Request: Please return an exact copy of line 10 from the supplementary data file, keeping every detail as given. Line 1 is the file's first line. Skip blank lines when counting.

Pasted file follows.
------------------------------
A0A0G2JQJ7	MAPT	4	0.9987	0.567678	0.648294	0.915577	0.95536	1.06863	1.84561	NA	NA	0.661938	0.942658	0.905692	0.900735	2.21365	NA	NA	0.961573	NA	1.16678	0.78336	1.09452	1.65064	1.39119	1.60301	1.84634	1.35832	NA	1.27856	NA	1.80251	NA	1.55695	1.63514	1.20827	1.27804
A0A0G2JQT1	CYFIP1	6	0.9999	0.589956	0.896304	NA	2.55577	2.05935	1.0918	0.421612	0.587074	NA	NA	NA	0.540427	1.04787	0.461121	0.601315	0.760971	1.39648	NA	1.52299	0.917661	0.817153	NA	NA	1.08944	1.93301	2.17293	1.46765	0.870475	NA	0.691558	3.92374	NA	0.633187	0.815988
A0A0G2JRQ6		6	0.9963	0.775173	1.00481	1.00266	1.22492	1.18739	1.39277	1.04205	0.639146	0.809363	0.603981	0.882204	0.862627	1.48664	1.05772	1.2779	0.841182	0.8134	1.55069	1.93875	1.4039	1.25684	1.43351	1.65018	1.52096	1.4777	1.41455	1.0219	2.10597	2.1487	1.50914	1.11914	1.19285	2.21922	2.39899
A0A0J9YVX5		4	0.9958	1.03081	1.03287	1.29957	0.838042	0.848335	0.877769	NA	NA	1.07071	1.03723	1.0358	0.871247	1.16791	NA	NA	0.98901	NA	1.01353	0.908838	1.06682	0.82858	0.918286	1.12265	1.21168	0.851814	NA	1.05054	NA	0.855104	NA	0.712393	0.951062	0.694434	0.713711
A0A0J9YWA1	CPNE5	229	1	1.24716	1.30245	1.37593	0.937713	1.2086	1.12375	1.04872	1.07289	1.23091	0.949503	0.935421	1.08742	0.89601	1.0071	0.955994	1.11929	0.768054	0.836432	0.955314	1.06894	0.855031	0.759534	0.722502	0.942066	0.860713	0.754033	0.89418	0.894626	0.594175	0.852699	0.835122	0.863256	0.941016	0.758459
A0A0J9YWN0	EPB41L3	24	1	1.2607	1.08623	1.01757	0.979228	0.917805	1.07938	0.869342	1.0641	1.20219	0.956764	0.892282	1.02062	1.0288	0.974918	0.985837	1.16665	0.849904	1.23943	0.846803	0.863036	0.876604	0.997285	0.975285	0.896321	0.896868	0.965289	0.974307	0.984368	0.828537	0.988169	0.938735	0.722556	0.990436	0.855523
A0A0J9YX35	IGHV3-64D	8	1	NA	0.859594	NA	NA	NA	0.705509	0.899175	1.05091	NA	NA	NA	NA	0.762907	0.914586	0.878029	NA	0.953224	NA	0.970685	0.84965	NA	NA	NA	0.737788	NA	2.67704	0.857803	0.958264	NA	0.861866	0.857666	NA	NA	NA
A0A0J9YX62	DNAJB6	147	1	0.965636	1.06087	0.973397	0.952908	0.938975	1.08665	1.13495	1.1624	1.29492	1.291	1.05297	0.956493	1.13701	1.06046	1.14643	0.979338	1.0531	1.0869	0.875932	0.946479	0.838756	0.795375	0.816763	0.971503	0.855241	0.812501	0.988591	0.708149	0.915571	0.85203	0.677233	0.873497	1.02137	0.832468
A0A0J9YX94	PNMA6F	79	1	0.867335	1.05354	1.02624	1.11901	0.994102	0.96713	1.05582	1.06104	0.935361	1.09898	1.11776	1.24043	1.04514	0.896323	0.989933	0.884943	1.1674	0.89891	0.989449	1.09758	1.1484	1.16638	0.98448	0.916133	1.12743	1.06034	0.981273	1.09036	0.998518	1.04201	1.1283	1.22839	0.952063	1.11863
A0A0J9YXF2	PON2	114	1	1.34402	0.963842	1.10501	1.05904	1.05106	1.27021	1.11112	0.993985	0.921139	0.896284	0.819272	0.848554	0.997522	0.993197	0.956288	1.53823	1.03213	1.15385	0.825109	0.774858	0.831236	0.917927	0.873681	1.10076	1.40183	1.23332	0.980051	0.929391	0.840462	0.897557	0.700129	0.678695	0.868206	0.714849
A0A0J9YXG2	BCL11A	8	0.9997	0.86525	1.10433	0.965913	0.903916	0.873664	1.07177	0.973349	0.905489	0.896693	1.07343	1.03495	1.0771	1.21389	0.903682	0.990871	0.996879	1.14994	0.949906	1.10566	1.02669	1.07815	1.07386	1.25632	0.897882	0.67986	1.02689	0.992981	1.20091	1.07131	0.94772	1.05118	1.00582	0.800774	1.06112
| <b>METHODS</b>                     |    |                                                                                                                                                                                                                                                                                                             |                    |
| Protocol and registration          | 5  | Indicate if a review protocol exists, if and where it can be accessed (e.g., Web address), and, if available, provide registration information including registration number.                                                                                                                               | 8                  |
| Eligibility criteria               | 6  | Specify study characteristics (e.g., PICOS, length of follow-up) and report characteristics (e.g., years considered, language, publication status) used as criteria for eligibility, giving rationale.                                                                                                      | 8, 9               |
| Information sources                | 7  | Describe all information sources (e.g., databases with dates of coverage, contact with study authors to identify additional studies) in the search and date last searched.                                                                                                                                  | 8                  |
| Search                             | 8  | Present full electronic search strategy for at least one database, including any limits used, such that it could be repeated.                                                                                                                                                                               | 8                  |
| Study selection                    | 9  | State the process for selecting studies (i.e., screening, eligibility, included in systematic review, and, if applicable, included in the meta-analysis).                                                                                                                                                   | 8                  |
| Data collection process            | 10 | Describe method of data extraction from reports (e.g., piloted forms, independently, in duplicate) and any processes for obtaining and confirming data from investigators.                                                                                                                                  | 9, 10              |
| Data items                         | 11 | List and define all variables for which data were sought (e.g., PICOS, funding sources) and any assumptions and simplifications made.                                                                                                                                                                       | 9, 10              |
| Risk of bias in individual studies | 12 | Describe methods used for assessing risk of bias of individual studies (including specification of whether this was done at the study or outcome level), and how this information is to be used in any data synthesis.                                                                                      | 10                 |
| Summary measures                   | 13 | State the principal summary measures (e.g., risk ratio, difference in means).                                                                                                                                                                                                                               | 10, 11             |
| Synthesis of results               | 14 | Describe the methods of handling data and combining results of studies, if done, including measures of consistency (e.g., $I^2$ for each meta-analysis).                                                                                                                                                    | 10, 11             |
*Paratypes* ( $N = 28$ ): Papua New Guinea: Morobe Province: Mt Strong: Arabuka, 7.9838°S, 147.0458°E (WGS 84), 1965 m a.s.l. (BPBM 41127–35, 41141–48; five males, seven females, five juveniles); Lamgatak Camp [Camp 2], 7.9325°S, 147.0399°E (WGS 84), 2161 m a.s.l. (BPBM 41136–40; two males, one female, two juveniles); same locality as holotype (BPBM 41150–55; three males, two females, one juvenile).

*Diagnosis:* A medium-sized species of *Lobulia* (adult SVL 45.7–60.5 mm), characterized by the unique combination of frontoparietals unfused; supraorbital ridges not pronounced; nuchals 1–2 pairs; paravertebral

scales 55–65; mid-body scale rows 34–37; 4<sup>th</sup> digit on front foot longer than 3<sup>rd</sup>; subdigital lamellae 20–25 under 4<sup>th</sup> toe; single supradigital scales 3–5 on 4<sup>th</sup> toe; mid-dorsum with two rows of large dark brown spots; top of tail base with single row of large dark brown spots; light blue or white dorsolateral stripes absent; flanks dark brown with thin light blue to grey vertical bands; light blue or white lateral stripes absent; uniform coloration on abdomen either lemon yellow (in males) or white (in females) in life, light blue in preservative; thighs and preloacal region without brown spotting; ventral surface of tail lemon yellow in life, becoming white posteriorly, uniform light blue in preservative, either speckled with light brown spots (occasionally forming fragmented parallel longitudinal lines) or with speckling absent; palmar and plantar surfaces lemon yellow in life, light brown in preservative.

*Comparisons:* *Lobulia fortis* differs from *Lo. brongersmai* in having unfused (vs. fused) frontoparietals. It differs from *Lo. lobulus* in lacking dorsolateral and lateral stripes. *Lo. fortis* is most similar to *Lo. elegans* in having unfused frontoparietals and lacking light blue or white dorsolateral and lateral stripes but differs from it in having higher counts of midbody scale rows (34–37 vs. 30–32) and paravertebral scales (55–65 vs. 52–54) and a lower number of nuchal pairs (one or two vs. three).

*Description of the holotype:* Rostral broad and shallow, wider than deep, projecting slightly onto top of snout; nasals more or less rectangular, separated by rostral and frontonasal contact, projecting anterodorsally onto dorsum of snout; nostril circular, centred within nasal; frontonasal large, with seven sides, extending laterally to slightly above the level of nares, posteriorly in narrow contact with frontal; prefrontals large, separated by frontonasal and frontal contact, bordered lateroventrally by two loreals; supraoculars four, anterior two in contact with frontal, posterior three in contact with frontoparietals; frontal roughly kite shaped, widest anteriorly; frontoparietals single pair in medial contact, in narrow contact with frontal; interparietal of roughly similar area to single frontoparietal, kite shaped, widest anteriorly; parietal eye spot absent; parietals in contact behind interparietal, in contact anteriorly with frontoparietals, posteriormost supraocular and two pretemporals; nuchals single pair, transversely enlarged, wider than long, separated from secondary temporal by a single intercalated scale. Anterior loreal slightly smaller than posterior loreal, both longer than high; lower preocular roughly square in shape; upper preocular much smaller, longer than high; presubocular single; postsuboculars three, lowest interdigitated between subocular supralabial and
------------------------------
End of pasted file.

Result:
A0A0J9YXF2	PON2	114	1	1.34402	0.963842	1.10501	1.05904	1.05106	1.27021	1.11112	0.993985	0.921139	0.896284	0.819272	0.848554	0.997522	0.993197	0.956288	1.53823	1.03213	1.15385	0.825109	0.774858	0.831236	0.917927	0.873681	1.10076	1.40183	1.23332	0.980051	0.929391	0.840462	0.897557	0.700129	0.678695	0.868206	0.714849